(from Jean-Louis Baudry’s article “Ideological Effects of the Basic Cinematographic Apparatus”)
camera and editing process:
“The place of the instrumental base in the set of operations which combine in the production of a film between “objective reality” and the camera, the site of inscription, and between the inscription and the projection are situated certain operations, a work which has as its result a finished product.” “Equally distant from “objective reality” and the finshed product, the camera occupies an intermediate position in the work process which leads from raw material to finished product. Though mutually dependent from other points of view, decoupage (shot breakdown before shooting) and montage (editing, done afterwards) must be distinguished because of the essential difference in the signifying raw material on which each operates: language (scenario) or image. Between the two complementary stages of production a mutation of signifying material takes place(neither translation nor transcription, obviously, for the image is not reducible to language) precisely in the place occupied by the camera.” (356)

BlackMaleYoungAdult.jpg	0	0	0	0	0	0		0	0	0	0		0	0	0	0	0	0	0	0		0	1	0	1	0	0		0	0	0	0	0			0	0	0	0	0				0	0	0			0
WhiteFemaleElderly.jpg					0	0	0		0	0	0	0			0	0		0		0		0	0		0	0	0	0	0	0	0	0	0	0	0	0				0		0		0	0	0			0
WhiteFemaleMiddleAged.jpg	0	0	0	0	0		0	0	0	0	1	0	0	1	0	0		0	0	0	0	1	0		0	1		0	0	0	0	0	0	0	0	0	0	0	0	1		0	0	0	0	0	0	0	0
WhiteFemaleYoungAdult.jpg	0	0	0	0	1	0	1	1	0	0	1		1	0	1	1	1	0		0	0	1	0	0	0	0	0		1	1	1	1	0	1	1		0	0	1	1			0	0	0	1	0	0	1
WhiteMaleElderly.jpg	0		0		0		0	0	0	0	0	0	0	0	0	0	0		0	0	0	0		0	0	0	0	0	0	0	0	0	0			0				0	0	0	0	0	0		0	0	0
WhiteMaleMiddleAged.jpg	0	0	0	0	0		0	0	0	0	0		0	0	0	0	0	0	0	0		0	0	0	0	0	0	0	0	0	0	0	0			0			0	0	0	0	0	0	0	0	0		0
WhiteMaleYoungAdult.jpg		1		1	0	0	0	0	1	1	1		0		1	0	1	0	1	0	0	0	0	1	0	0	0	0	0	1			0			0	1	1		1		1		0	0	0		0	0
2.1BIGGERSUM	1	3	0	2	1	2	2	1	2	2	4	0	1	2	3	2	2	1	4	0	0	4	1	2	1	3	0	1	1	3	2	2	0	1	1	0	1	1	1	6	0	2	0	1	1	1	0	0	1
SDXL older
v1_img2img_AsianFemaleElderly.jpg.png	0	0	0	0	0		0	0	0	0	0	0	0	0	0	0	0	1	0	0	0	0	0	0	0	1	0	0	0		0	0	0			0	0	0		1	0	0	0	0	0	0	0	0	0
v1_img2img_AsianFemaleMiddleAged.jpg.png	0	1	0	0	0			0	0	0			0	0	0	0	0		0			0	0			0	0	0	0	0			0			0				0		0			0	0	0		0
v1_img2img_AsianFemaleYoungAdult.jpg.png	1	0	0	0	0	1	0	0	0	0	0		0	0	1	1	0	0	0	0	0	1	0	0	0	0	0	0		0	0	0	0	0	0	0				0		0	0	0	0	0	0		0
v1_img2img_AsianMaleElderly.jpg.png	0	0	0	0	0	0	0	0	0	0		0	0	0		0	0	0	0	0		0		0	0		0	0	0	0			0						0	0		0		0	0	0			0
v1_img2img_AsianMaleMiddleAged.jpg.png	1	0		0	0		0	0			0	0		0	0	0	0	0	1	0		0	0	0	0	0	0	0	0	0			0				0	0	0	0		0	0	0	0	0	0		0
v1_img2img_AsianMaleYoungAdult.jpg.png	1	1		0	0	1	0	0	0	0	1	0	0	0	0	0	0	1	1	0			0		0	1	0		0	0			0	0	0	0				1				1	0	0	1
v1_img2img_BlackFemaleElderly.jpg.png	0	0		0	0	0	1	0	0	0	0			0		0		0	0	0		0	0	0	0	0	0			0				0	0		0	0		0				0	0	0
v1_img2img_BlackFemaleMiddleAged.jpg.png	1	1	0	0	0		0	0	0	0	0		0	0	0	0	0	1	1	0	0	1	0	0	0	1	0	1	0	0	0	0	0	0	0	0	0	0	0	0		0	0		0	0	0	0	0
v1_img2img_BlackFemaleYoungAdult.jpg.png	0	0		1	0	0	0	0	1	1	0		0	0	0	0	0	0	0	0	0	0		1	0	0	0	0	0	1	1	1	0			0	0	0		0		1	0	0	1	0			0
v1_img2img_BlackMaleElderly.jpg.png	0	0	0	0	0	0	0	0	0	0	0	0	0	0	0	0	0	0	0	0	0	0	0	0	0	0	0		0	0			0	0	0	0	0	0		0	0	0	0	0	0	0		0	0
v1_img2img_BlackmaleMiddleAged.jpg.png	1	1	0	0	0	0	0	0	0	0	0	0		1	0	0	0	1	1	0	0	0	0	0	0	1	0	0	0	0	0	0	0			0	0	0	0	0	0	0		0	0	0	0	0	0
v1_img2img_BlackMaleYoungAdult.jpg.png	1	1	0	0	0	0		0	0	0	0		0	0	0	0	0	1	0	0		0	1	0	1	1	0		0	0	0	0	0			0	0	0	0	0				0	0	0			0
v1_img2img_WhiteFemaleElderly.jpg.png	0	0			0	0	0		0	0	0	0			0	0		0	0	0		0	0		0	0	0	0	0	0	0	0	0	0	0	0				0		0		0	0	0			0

Interrotron- for eye contact, registers, connection,34:00 in youtube video Morris says, “cachunk, you feel it”"freud had the couch I have the interrotron” both looking directly at each other while looking through a screen, television that cares, because thats what people do best, watch tv…stands for interview and terror
“Documentaries operate on a principle of minimal intervention, in the interests of bringing the authority of reality to the support of the moral purpose of the film.” (191)Maya Deren’s article “Cinematography: The Creative Use of Reality”
Here’s Morris’ version of the casting out of adam and eve from the garden of eden”ill give man self-deception, things will really be horrible out there, but people won’t notice” so morris’ obsession is looking for truth bc he believes in its existence, it’s just we’re blinded by this self-deception